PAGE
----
Queensland floods: the water journey to Kati Thanda-Lake Eyre
19 March 2019
Updated 3 July 2019
In late January and early February, an intense and slow-moving monsoonal low over northern Queensland caused record-breaking rainfall and disastrous flooding. Areas affected included the Townsville region and westwards across large areas. In March, ex-tropical cyclone Trevor brought more rain, over a broad region of central and southwest Queensland and adjacent area of the Northern Territory. Since then there's been a lot of water on the move—we follow its journey to Australia's largest lake, Kati Thanda-Lake Eyre.
A phenomenal amount of rain fell. In the seven days to 4 February 2019 our rainfall gauge at Townsville Aero recorded 1052.8 mm, and 1257 mm in the ten days to 6 February. There were several sites in elevated areas including Paluma, Woolshed, and Upper Bluewater that reported 12-day accumulations of more than 2000 mm! Further west, large areas recorded 300–500 mm including the northern parts of the Diamantina catchment—and it was this water that was about to start a long journey south.
Video: This short video looks back at the Queensland floods
Ex-tropical cyclone Trevor rain (March)
In the week to 30 March, widespread rainfall of 50 mm to more than 200 mm was recorded across parts of the the Georgina/Eyre Creek, Diamantina and Thomson/Barcoo/Cooper catchments in the Northern Territory and Queensland. This rainfall, associated with the remnants of ex-tropical cyclone Trevor, resulted in significant flows in these rivers.
Where the water goes
Australia is divided up into drainage divisions and river regions based on topography. Most of the drainage divisions affected by the floods (such as around Townsville) empty out into the sea, with the exception being the Lake Eyre Basin—the lowest natural point in the country.
Animation: Topographic Drainage Divisions and River Regions
The vast Diamantina River catchment is in southwest Queensland and covers an area of approximately 119 000 sq km. The river passes through the town of Birdsville before crossing the Queensland–South Australia border 10 km south of Birdsville.
By the end of February, floodwaters captured by the Diamantina had been steadily moving downstream into the northeast of South Australia with flooding extending across vast areas of flood plain. On 22 February 2019, the Diamantina River gauge at Birdsville peaked at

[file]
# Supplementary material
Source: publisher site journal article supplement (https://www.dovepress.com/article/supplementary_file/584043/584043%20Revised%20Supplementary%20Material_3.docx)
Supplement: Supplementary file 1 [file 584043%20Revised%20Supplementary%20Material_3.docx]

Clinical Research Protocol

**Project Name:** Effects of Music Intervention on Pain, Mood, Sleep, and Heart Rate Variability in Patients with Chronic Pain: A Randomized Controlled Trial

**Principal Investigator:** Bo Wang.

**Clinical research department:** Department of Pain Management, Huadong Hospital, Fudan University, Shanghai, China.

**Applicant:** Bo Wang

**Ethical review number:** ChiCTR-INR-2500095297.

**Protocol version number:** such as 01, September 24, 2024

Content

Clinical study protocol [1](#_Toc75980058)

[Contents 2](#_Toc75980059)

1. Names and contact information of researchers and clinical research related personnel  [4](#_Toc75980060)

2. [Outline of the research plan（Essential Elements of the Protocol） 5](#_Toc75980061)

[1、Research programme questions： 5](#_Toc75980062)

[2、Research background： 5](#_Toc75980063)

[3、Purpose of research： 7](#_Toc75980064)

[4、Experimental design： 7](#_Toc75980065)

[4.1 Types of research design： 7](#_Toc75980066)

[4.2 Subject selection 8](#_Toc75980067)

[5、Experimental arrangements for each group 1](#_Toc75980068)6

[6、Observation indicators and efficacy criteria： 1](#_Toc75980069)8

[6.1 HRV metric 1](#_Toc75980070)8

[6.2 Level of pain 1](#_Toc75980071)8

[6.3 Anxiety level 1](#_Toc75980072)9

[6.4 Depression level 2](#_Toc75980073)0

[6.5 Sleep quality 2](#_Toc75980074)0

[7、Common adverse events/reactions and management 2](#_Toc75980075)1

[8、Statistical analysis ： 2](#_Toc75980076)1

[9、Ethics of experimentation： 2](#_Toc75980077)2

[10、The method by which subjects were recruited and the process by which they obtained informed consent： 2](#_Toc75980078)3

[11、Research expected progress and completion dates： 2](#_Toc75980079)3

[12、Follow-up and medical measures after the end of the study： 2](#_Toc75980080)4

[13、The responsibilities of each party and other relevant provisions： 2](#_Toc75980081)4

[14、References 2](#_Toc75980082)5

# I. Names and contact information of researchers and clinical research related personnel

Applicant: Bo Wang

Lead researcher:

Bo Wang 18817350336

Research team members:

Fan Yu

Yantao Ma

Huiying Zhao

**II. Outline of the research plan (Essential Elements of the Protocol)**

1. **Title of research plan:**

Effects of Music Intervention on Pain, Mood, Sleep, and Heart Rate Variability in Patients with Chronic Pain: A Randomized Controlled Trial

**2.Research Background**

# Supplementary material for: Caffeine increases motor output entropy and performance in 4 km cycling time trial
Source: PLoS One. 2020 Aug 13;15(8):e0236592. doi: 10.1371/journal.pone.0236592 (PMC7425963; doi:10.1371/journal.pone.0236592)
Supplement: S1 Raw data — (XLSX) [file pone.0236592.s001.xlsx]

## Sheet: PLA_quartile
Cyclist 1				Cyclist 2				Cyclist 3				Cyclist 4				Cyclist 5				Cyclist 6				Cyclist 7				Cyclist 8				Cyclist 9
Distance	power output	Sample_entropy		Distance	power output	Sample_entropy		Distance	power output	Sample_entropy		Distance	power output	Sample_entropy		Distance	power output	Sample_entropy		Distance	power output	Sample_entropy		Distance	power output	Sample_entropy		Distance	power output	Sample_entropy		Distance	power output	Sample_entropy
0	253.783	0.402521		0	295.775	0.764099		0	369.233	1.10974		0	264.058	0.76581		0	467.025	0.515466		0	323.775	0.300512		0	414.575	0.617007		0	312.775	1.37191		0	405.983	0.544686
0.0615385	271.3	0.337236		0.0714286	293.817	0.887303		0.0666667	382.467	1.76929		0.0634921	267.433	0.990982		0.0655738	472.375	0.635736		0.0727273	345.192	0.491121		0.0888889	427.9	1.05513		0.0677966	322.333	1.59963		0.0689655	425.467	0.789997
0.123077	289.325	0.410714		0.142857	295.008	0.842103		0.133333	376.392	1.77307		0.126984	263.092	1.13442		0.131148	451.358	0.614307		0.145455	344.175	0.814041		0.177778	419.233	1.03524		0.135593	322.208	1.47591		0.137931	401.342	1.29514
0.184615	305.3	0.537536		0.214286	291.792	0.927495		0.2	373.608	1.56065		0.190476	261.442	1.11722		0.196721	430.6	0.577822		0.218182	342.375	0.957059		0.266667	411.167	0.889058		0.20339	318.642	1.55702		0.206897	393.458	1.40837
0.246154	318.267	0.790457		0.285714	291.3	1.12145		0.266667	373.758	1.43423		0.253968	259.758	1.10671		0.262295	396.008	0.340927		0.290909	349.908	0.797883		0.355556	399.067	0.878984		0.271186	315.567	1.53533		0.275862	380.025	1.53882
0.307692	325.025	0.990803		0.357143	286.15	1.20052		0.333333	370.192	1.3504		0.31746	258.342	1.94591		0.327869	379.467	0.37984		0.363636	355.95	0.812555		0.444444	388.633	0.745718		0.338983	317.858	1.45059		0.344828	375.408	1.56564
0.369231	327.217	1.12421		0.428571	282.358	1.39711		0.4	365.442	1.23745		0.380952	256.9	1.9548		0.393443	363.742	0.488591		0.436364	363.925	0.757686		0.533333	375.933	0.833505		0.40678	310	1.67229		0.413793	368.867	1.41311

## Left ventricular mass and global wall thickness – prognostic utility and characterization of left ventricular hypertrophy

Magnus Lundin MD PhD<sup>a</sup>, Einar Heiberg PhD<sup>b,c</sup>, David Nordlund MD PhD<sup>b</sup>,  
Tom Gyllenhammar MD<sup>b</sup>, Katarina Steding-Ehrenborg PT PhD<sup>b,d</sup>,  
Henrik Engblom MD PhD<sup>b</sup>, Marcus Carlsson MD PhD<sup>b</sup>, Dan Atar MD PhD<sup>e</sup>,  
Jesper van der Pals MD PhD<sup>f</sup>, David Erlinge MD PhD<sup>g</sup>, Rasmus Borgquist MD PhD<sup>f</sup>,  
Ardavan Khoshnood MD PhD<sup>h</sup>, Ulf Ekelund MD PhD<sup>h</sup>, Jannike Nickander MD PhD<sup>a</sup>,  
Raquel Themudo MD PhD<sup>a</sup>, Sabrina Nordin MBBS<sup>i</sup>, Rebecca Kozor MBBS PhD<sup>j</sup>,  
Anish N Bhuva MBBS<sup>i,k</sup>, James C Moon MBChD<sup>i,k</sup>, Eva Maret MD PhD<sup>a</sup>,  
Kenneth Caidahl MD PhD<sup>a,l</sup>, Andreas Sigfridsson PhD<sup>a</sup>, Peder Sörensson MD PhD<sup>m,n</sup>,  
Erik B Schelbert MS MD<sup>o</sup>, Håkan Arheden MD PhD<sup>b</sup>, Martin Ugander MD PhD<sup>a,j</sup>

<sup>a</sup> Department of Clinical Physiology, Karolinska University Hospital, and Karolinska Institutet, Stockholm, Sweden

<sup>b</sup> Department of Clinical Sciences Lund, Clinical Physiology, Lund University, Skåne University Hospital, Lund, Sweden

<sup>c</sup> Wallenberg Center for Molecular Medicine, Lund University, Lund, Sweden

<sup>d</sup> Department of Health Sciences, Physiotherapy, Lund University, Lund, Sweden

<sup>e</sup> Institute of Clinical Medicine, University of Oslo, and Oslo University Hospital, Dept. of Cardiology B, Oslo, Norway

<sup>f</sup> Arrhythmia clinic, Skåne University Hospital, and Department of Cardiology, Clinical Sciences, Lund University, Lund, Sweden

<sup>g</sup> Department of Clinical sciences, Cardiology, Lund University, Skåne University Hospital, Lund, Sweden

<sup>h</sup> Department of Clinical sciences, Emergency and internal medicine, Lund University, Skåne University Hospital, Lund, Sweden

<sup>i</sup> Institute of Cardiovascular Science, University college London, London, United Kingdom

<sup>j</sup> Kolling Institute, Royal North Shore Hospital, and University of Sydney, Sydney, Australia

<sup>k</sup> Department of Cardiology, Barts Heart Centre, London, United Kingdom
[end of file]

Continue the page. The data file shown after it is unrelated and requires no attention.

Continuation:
8.15 m, surpassing the peak river heights of recent significant floods in 1999, 2000 and 2009—but falling short of the major flood of 1974 where the river peaked at 9.45 m.
By late March, the water had receded in the Diamantina between Birdsville and the Goyder Lagoon, and the vast flood plain was 'greening', following the inundation of the preceding weeks.
However, there was more water to come. Rainfall from ex-tropical cyclone Trevor brought a 'second wave'. The water level at Birdsville measured 2.4 m on 18 April and rose steadily to peak at 7.7 m on 29 April. It has dropped slowly since, was less than 4 m on 20 May and is continuing to fall.
Photo: Birdsville, Queensland, in flood, February 2019. Credit: Birdsville Bakery
Georgina River and Eyre Creek catchment
This catchment drains an area of over 200 000 sq km. It rises to the northwest of Mt Isa with three main tributaries, the Buckley, James and Ranken rivers. Further inflow enters the system from numerous creeks and rivers, the two main tributaries being the Burke and Hamilton rivers. The Burke River drains the area to the north of Boulia and enters the Georgina River about 20 km upstream of Marion Downs, while the Hamilton rises to the northeast of Boulia and enters the Georgina River below Marion Downs.
The final river gauge for this river system is at Glengyle Station, from which it is over 300 km (as the crow flies) to the Goyder Lagoon, just prior to the start of the Warburton River. It is then around 150 km further to Kati Thanda-Lake Eyre, although the actual distance covered by the water is longer, due to the winding of the complex river system.